Heart Disease Prevention: Helping Patients Weigh Benefits, Risks

posted by Andy Lazris & Erik Rifkin

on March 23, 2017

Overtreatment and undertreatment can occur when patients do not fully understand the implications of medical interventions. Studies show that patients can best comprehend medical data when it is: in a graphic form; free of numbers; uses a denominator of 1000; stated in absolute rather than relative values; and presented in a straight-forward and comprehensible format.

We have designed a universal decision aid that includes those characteristics and uses the familiar setting of a theater with 1,000 seats. Blackened seats designate the risks and/or benefits of medical interventions. We call it a Benefit-Risk Characterization Theater (BRCT). We will demonstrate how it works for statin cholesterol medicine.


Figure 1

Statin cholesterol medicines have become a mainstay in treating coronary artery disease (CAD), which occurs when people have blockages in their hearts or have had a heart attack. There is ample evidence that the use of statins in people with known CAD can reduce heart attack and subsequent death. According to robust studies, after five years of statin use by people with CAD, 46/1000 will avoid having a bad outcome (Figure 1)  compared to people with CAD who do not take statins (including 12 deaths, 26 heart attacks, and 8 strokes). Patients can look at this BRCT and make a decision regarding the benefits of statin use based on how they determine what constitutes acceptable benefits and risks.

A recent study that looked at compliance with guidelines given to people after a heart attack determined the use of certain drugs, including statins, led to a reduction in heart attack and death. Per patient savings were $900/year among patients who took these drugs compared to those who were noncompliant. Given the large number of people who have heart attacks and other CAD, the savings can be substantial with a higher rate of statin compliance. Unfortunately, compliance with statins is not high; approximately half of people on statins stop taking them after a year, most citing side effects as the reason.

Why do people resist taking statins despite their benefit? Statin side effects are not trivial. All statins cause muscle damage, and every study of statins finds the extent of damage varies based on the patient. In the studies cited above, 100/1000 people had severe muscle damage, while many others get weak or tired muscles that can impact their function. Pain and weakness can be worse as people age and when they are more active.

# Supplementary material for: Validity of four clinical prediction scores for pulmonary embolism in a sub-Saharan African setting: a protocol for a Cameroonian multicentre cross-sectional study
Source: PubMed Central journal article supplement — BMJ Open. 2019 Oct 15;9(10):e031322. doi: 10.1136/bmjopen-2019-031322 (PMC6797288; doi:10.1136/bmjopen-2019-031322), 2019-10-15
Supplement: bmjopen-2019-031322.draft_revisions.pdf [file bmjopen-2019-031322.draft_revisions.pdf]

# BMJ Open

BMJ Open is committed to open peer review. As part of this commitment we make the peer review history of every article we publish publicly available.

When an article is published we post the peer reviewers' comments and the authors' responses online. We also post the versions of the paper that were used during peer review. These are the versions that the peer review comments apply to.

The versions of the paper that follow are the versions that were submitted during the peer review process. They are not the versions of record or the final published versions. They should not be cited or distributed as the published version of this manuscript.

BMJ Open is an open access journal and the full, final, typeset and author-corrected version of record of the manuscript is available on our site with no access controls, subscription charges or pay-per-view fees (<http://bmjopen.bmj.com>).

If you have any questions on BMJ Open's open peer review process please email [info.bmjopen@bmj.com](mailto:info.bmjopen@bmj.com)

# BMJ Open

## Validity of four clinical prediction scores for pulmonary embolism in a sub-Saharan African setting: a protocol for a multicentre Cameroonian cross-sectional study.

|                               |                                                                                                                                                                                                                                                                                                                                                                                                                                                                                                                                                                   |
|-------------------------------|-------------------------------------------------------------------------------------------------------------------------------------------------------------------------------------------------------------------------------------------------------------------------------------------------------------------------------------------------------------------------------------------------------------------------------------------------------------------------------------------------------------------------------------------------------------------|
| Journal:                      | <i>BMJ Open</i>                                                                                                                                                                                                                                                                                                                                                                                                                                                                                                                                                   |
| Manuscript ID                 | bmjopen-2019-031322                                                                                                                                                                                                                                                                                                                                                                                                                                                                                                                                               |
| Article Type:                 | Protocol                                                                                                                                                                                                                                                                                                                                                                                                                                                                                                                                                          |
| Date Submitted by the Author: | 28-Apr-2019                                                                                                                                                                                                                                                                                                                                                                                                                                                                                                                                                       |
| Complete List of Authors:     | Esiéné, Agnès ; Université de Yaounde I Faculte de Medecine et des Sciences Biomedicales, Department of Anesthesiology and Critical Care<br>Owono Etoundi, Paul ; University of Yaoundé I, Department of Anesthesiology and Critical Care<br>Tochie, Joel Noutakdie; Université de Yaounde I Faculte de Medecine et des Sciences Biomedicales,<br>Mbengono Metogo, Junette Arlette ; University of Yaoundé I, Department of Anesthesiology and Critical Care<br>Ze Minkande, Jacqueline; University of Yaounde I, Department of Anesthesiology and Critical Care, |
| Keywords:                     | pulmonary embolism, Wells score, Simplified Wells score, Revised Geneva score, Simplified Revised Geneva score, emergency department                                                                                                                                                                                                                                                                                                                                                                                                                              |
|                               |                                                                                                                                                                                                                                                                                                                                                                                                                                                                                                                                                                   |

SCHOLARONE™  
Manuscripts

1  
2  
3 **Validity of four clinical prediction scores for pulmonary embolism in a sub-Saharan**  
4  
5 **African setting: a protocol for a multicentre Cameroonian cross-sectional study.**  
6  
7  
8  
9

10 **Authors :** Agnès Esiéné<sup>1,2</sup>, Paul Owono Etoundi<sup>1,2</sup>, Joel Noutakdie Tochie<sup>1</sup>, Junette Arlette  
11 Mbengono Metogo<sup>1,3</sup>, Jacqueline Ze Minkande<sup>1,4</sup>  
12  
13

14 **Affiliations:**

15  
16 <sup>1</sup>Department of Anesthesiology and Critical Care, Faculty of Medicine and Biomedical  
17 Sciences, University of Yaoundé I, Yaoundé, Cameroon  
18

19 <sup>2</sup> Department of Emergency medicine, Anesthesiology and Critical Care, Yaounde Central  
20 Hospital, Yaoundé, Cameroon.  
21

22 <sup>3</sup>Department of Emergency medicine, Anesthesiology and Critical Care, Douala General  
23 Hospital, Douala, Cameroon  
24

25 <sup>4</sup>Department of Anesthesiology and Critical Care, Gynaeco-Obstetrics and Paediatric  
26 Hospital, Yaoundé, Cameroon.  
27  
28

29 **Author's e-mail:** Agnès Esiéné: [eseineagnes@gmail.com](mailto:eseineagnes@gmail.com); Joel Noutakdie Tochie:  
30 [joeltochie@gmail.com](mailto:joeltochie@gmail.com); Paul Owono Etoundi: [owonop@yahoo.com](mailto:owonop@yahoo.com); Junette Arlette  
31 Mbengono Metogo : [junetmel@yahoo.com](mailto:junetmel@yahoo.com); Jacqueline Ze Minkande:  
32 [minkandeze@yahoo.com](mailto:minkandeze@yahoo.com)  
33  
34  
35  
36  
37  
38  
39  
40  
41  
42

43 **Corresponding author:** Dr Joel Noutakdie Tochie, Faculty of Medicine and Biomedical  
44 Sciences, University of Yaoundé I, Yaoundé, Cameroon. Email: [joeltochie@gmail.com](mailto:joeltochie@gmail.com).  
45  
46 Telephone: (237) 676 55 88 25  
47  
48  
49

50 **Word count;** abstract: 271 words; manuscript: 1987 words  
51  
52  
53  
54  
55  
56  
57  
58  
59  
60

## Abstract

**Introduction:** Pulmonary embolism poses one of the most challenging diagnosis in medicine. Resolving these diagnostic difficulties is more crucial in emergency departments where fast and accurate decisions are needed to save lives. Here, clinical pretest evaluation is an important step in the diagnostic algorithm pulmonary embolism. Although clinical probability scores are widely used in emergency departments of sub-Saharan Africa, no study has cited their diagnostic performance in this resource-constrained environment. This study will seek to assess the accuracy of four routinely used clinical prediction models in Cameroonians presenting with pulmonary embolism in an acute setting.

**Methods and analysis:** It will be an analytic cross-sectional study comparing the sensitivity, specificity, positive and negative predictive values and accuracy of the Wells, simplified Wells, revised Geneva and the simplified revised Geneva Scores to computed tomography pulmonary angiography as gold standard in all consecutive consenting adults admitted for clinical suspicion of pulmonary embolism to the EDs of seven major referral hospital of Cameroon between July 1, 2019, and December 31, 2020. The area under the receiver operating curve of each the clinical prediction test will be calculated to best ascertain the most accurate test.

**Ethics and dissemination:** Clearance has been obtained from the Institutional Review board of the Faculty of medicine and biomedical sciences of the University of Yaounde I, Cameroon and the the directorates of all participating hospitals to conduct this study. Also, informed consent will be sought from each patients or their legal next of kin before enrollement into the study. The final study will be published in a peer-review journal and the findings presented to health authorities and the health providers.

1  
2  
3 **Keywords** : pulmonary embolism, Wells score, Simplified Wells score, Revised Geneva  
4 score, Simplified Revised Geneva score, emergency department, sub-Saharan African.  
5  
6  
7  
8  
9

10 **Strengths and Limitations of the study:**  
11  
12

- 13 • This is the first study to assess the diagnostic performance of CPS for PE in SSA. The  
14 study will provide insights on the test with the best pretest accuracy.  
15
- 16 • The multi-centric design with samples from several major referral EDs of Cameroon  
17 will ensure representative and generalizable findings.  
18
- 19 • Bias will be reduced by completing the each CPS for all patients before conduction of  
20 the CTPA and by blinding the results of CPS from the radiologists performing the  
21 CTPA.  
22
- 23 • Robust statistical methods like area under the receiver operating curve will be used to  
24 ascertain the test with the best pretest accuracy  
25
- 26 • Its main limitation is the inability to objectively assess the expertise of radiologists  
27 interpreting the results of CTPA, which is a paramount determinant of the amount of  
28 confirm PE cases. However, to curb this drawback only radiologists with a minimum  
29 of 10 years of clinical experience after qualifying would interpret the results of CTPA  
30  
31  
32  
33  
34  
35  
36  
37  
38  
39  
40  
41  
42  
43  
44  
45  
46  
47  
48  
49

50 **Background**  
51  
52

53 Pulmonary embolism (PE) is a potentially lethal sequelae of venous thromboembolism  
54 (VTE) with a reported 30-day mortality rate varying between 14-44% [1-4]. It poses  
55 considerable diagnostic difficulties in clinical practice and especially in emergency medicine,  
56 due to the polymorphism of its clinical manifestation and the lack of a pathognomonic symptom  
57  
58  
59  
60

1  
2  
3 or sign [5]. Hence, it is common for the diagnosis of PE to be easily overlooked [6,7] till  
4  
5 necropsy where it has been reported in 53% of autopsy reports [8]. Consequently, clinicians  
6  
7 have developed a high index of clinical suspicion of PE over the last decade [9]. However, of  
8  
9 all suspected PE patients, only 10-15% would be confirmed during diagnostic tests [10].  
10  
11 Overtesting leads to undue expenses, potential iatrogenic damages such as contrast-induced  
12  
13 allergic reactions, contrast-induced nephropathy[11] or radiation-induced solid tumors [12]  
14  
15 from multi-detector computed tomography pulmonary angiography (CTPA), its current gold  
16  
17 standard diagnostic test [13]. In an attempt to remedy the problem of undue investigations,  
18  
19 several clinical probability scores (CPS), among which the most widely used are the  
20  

One study suggested approximately 250/1000 people (Figure 2) who are active (and 750/1000 marathoners) can get pain or weakness with statins impacting their ability to exercise. Another study showed up to 400/1000 people on statins say they are more tired than 1000 people on placebo. Also, statins are a known cause of diabetes, and it is felt that about 10/1000 people who take statins will get diabetes compared to 1000 people who take placebo.

Lowering statin dose, or giving the medicine every other day, can possibly diminish the intensity and incidence of muscle pains and other side effects. While many studies do not show increased muscle damage in those taking high dose statins, there are more withdrawals among those taking high dose drugs, very few older people are enrolled in those studies, and there is no consensus as to whether high dose are more effective in real outcome measures.

Figure 3

Figure 3

A recent study of high vs standard dose statins in older people (over age 75) who have known CAD found no benefit in high dose use (0/1000 benefit when compared to standard dose statin therapy; Figure 3). Other studies have shown some improved outcome, but it is small.  Certainly, even if there is a marginal benefit of higher dose statins over more moderate doses, the higher withdrawal rate makes their use suspect in people who report side effects.

Perhaps the most prudent way to help a patient remain complaint with statin treatment is to demonstrate the drug’s value while being upfront about the drug’s potential side effects. If patients understand there are side effects from the medicine, and that these side effects can be mitigated – by lowering dose or changing drugs – then patients and doctors can work together to find a statin regimen that is tolerable.

It is also important to know that statins have a much less proven benefit in people without known CAD. Thus, when attempting to achieve compliance with statin treatment, it is wise to focus on those people in whom these drugs have the most benefit. Overtreatment can very easily lead to higher rates of discontinuation. Showing people BRCTs, such as the ones in this article, can help them to decide if statins can help and understand their potential side effects. Such shared decision-making between doctors and patients can lead to better compliance with treatments and better health.

Andy Lazris, M.D., CMD, is author of Curing Medicare and co-author of Interpreting Health Benefits and Risks. Erik Rifkin, Ph.D, is Adjunct Associate Research Scientist in the Department of Environmental Health and Engineering at Johns Hopkins School of Public Health.

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